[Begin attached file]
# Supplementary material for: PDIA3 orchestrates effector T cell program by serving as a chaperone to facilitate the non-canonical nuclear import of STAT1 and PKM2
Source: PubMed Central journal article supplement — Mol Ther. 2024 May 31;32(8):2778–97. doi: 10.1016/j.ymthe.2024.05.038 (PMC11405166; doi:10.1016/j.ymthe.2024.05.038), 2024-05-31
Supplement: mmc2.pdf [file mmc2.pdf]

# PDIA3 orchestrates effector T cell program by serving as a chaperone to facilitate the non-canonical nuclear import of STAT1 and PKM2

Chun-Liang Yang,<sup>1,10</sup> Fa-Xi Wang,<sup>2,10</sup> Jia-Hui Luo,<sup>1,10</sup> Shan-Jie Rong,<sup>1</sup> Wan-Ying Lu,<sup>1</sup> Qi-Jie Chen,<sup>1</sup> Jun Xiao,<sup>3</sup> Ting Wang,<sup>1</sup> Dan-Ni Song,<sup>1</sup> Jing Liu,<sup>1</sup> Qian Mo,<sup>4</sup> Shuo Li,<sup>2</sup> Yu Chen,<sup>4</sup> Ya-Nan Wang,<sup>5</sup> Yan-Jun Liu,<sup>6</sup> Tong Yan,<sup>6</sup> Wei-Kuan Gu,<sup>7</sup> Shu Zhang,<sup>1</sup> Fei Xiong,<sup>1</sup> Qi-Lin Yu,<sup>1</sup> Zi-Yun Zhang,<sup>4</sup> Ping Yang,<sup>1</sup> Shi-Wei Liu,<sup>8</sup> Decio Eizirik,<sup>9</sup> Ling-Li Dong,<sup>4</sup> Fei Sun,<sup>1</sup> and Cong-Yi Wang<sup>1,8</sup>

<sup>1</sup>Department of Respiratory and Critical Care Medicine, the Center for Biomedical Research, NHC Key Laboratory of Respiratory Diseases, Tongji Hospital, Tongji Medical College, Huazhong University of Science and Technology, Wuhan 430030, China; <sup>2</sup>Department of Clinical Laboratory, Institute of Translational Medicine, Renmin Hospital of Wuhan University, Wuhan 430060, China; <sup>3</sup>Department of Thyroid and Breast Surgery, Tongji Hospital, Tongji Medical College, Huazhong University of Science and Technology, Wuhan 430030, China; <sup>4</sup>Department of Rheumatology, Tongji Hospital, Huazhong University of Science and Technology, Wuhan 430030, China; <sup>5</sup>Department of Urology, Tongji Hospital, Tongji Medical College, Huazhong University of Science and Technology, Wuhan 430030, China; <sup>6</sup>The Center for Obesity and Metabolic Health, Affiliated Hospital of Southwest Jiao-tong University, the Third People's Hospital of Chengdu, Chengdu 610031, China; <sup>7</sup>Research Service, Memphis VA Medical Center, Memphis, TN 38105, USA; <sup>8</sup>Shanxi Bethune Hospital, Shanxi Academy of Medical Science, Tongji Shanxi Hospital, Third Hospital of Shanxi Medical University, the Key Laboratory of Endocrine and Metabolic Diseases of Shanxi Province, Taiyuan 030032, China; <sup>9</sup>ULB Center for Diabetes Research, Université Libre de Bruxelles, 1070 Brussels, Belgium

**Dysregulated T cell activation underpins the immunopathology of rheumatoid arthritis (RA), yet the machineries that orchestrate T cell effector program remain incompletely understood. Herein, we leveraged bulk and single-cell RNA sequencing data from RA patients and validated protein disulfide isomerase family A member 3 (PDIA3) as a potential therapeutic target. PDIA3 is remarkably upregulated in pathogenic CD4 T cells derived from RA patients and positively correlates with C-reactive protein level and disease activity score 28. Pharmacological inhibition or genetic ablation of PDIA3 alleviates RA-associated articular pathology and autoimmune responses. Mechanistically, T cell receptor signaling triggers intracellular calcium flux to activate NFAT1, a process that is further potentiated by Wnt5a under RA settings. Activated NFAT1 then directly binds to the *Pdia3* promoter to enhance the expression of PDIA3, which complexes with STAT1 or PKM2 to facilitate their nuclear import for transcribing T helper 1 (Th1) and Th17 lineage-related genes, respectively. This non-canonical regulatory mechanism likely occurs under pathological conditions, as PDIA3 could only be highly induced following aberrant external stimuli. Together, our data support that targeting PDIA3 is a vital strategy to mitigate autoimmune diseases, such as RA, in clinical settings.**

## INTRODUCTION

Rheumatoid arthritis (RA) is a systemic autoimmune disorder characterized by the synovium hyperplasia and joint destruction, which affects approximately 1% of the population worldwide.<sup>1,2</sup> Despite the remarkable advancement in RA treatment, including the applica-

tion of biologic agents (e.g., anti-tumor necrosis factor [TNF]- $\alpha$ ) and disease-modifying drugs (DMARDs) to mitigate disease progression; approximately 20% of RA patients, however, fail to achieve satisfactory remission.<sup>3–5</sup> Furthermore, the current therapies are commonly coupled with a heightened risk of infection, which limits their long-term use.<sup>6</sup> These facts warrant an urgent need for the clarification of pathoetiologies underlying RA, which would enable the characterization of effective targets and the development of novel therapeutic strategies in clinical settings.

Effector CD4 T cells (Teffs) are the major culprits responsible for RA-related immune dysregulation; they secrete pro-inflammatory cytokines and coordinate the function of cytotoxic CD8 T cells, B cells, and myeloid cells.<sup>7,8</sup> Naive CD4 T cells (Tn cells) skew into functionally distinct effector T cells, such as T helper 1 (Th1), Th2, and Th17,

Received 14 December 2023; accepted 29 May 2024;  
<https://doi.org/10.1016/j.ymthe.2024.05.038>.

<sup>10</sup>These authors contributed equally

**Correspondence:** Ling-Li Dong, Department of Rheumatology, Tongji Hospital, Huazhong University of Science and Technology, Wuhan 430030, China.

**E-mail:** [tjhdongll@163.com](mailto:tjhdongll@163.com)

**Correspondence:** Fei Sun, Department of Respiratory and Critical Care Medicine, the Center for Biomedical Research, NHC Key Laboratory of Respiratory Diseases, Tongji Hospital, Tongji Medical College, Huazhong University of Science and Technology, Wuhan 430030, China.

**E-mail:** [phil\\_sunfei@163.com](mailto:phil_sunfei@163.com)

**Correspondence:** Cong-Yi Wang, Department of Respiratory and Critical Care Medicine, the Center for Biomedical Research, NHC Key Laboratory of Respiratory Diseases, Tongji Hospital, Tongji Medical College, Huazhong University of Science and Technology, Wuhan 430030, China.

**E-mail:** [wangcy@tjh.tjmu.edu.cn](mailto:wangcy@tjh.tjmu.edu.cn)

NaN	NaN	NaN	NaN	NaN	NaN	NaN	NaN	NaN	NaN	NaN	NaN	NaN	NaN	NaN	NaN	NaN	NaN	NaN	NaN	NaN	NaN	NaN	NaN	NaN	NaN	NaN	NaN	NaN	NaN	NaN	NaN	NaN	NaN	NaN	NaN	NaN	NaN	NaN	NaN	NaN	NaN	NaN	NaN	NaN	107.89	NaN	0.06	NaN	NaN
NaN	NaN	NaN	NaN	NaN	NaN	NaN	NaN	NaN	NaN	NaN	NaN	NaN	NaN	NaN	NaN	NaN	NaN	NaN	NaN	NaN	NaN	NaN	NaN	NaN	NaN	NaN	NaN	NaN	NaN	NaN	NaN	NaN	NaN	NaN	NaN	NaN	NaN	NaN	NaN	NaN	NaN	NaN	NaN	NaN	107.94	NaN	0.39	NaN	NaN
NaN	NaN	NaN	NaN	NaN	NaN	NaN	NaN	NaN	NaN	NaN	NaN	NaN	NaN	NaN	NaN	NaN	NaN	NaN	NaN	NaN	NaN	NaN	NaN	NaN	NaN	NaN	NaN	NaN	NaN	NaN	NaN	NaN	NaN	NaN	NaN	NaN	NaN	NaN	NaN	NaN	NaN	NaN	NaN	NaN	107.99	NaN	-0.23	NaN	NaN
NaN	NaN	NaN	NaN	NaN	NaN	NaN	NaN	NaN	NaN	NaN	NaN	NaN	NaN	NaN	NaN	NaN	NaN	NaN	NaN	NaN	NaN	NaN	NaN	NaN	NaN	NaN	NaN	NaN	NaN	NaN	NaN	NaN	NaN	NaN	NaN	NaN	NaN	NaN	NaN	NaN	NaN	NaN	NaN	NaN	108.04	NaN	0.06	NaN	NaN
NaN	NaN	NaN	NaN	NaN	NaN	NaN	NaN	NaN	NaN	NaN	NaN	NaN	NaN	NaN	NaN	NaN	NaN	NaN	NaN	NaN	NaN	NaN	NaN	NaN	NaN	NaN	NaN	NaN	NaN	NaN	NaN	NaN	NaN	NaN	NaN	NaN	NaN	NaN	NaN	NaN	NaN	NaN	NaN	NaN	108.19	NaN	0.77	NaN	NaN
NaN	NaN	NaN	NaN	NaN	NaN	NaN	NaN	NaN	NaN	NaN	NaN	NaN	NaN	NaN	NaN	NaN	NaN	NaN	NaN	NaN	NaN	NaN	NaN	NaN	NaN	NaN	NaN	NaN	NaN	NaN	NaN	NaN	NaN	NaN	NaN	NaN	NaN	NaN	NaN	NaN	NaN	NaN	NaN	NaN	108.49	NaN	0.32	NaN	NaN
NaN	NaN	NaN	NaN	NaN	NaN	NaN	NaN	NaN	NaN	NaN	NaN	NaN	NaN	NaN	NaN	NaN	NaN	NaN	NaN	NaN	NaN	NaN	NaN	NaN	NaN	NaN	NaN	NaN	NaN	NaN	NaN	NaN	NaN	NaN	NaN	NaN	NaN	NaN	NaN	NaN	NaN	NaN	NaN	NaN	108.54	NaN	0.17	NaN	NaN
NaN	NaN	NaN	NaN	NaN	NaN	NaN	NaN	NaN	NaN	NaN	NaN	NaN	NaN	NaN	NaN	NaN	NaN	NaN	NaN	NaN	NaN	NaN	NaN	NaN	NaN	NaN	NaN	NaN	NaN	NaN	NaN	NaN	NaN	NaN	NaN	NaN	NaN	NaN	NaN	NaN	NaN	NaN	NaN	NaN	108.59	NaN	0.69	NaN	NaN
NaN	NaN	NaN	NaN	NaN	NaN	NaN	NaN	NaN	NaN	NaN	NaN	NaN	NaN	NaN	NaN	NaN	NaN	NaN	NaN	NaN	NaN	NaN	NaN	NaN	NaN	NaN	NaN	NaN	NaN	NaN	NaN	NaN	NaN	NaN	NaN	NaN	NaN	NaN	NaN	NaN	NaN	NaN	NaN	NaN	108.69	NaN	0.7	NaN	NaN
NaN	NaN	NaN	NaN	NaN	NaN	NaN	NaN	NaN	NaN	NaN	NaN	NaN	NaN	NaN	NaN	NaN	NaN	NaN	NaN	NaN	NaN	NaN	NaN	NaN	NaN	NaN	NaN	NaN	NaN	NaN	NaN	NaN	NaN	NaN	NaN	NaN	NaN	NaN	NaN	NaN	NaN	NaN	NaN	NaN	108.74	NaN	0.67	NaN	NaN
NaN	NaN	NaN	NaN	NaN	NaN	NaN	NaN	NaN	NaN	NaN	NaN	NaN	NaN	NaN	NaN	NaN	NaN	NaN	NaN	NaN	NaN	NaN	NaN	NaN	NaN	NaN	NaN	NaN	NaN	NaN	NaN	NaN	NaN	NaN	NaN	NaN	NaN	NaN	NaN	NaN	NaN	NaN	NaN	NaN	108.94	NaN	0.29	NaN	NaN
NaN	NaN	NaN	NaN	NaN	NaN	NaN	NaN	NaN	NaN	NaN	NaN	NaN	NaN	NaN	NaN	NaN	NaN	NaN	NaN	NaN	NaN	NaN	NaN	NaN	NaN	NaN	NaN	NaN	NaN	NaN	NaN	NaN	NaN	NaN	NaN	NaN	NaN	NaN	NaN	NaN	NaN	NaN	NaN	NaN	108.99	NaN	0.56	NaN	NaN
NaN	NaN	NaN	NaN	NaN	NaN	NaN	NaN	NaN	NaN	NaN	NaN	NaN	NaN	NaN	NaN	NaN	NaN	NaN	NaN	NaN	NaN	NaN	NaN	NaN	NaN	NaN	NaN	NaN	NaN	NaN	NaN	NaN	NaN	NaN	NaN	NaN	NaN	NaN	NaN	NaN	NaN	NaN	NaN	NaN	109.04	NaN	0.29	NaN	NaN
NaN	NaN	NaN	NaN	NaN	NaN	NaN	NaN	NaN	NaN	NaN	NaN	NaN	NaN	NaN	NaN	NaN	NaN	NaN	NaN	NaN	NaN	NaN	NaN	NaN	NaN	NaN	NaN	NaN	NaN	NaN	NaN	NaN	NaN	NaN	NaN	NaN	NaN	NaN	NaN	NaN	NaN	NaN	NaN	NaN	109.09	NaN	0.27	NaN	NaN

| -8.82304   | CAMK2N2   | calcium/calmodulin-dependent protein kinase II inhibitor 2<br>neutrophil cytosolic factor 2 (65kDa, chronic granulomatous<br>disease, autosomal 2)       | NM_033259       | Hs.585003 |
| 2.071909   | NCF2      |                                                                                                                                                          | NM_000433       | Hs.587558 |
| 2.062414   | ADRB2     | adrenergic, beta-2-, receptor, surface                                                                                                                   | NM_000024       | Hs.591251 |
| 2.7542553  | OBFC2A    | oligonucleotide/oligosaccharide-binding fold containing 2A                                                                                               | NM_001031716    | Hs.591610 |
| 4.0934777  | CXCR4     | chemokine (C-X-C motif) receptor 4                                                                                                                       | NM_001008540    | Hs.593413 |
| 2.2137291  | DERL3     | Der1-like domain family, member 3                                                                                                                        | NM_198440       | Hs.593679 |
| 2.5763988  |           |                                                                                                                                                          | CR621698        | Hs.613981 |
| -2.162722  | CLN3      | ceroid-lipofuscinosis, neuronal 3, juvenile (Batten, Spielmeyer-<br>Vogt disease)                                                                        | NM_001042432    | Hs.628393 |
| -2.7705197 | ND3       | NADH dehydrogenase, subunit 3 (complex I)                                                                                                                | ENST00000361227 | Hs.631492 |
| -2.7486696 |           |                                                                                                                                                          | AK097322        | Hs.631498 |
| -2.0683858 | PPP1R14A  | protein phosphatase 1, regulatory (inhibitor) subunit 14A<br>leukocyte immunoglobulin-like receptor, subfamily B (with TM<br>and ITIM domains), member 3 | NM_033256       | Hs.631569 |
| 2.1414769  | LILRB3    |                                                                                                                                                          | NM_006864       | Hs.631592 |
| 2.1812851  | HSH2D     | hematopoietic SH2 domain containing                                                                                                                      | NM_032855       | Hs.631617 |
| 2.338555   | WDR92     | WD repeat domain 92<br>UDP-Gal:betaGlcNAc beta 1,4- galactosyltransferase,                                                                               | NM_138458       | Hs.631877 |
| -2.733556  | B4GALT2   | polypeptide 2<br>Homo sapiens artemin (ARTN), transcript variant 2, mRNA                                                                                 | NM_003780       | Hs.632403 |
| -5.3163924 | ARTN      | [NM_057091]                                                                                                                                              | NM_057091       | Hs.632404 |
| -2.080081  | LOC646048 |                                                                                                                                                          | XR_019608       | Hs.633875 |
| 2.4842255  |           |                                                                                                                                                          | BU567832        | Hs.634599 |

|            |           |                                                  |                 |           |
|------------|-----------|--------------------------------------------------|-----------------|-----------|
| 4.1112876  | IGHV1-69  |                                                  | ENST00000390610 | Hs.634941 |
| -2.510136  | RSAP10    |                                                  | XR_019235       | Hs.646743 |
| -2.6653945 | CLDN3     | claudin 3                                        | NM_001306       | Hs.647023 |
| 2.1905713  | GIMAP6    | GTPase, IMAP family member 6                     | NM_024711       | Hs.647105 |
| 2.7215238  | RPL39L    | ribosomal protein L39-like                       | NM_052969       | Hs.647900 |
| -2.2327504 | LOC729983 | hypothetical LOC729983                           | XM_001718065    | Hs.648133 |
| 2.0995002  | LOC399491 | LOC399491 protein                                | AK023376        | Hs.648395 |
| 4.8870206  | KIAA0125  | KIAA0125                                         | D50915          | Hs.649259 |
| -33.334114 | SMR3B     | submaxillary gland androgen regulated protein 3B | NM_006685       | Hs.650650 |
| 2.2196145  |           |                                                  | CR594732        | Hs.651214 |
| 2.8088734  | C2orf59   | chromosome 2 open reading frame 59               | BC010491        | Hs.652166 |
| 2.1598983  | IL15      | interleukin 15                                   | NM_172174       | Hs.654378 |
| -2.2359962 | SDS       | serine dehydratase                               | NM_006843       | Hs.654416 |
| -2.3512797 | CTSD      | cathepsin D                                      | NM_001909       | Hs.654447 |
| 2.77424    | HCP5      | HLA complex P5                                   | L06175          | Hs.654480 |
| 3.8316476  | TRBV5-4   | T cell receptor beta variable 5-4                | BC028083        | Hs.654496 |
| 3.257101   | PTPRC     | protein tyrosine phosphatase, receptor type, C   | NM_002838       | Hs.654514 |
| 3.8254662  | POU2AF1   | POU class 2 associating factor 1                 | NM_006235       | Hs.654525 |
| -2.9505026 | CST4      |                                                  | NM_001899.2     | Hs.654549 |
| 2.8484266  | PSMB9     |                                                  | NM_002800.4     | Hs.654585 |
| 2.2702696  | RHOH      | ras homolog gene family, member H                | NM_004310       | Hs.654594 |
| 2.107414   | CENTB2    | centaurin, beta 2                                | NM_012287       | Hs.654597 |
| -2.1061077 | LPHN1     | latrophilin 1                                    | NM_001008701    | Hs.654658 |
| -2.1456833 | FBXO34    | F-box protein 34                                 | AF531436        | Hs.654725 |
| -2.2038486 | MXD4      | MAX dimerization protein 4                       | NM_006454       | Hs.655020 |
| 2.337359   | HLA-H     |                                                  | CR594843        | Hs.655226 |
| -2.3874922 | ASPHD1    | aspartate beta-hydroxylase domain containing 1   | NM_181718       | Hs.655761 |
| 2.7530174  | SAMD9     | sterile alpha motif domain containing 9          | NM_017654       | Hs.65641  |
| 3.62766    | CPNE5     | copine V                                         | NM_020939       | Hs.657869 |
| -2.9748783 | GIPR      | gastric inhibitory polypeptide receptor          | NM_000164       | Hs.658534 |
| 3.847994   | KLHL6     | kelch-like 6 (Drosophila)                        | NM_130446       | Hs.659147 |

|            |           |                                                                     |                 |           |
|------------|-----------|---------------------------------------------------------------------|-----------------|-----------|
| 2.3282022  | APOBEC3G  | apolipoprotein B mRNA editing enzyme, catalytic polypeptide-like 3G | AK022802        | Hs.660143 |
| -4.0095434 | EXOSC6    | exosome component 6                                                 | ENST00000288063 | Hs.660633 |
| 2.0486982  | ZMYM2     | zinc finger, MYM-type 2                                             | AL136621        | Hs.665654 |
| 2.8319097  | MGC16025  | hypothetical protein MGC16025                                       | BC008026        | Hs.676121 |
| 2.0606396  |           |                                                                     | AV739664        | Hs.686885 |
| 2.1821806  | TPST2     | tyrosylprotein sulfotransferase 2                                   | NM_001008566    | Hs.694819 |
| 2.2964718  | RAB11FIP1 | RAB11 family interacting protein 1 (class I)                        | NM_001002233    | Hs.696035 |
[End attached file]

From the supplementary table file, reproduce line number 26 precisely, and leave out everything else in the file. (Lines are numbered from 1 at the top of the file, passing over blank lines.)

NaN	NaN	NaN	NaN	NaN	NaN	NaN	NaN	NaN	NaN	NaN	NaN	NaN	NaN	NaN	NaN	NaN	NaN	NaN	NaN	NaN	NaN	NaN	NaN	NaN	NaN	NaN	NaN	NaN	NaN	NaN	NaN	NaN	NaN	NaN	NaN	NaN	NaN	NaN	NaN	NaN	NaN	NaN	NaN	NaN	108.49	NaN	0.32	NaN	NaN